One of the biggest issues facing couples in New York engaged in a divorce is what to do with the marital home. The difficulty is compounded when, as is most often is the case, the residence is encumbered by a mortgage.
There are several possible outcomes with regard to distributing the marital home as part of a divorce; the most common are:
- The marital home is sold and the net equity or profit remaining after the sale is split;
- One spouse remains in possession of the home for a period of time, i.e., the graduation of a child from high school. The property is then sold and the proceeds distributed; or
- One spouse purchases the other’s equity in the marital home and the other spouse is removed from both the title and the mortgage.
The first scenario presents no problem as the home would be sold and the mortgage satisfied from the sale proceeds. The second scenario is chock full of problems including who is responsible for making the mortgage payments, maintaining the property and making repairs and improvements to the property.
In the final scenario, the person who moved out of the home will want to pull all of his/her equity from the home and to get his/her name off the mortgage as soon as possible. Even if the parties have sufficient assets to enable a buy-out of the equity (or an exchange against other assets), the mortgage will need to be refinanced, if only to remove the spouse not in possession of the former marital home.
Unless the spouse who moved from the party is removed from the mortgage, he/she will remain legally liable for paying the mortgage. In addition, his/her credit would be damaged in the event the other spouse defaults in timely making payments; the agreement between spouses for one to make the mortgage payments is not binding on the bank. Moreover, the outstanding mortgage loan would limit the credit available to that spouse, possibly preventing him/her from obtaining a mortgage on a new home.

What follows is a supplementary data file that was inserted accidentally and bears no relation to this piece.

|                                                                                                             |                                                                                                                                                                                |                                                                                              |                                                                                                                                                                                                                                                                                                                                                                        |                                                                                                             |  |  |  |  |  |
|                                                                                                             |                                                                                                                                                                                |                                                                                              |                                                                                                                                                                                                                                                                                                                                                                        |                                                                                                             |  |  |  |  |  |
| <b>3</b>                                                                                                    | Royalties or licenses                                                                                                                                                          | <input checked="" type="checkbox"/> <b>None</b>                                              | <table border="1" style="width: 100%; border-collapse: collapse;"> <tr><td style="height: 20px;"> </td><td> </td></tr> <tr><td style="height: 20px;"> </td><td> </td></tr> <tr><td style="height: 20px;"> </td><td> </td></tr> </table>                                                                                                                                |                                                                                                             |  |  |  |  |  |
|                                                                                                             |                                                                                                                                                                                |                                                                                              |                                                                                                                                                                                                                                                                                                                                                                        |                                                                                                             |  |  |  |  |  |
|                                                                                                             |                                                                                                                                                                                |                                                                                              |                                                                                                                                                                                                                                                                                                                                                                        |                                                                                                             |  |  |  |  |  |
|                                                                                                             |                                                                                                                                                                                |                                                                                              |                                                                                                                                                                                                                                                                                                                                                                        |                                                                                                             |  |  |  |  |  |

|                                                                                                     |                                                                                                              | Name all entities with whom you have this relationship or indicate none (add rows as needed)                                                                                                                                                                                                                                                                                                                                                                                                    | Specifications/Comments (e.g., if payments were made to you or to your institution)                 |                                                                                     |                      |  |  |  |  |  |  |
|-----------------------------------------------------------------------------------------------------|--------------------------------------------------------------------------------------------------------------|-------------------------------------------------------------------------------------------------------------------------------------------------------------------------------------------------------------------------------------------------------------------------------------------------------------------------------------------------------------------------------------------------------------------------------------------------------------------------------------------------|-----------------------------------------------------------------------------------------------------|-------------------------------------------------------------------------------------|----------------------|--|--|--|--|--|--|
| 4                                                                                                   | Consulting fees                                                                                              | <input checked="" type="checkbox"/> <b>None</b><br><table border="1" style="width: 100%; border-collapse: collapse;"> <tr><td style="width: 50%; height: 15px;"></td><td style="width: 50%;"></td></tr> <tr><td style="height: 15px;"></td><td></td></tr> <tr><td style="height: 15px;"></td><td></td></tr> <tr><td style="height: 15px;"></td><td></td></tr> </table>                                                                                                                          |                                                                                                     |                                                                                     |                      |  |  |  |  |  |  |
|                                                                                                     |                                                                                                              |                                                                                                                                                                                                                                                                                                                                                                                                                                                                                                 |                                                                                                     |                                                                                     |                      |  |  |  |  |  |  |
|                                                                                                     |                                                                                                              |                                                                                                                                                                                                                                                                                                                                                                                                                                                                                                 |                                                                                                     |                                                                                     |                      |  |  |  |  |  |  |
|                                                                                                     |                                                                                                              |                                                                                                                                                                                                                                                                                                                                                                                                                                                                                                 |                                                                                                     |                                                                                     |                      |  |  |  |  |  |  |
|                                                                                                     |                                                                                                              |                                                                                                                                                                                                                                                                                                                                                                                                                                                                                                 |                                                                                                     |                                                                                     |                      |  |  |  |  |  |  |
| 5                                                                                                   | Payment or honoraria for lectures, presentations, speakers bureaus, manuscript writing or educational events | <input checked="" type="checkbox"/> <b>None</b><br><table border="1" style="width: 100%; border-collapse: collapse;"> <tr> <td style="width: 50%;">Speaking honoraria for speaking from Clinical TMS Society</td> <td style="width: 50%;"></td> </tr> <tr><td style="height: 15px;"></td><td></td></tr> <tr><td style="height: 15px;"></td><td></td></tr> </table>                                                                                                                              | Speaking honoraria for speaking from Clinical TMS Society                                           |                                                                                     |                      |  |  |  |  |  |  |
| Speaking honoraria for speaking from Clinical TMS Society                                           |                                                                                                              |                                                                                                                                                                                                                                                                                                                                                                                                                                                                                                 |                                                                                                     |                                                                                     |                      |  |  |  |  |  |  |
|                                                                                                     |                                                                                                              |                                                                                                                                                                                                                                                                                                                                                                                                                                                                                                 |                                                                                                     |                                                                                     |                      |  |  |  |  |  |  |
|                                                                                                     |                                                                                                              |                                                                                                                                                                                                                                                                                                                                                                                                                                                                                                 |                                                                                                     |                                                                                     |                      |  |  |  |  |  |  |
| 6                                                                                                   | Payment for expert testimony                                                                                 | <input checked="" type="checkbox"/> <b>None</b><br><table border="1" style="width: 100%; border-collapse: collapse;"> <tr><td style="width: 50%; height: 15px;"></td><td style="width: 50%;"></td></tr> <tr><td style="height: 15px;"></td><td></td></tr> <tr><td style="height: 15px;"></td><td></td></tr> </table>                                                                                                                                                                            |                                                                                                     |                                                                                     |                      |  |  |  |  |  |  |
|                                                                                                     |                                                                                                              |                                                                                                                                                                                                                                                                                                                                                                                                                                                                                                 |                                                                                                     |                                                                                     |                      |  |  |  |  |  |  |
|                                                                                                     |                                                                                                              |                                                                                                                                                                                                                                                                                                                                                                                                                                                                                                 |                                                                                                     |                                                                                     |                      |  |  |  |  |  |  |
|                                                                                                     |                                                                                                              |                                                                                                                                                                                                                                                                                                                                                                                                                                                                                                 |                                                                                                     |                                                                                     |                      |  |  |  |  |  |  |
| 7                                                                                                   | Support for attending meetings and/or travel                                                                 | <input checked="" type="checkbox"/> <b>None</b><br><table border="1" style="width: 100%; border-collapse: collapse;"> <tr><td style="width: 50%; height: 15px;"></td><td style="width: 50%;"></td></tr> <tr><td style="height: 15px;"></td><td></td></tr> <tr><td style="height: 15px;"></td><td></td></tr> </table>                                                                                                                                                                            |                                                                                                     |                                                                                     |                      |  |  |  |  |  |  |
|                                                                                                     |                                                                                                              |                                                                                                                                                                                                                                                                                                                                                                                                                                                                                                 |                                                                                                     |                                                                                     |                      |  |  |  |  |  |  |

As highlighted in a recent New York Times article, this presents two issues: “whether a spouse who wants to keep the house or apartment can qualify for a mortgage independently. And if so, would that spouse be able to afford all the other expenses associated with living in that home?”
The refinancing of the mortgage may require some divorce planning to qualify the party staying in the home for the mortgage.
Spouses planning to count child support and alimony/maintenance as income for the purposes of qualifying for a mortgage should know that lenders will require proof of at least six months’ receipt of that income before closing . . .
In addition . . . Fannie Mae guidelines require at least a three-year continuance of this income from the date of loan application.
Each part of the divorce settlement is dependent on another part. The ability to transfer the marital home and to refinance the mortgage is dependent on the cash flow from the child support and spousal maintenance payments. If you have these issues in your case, contact us so we can help structure your divorce settlement.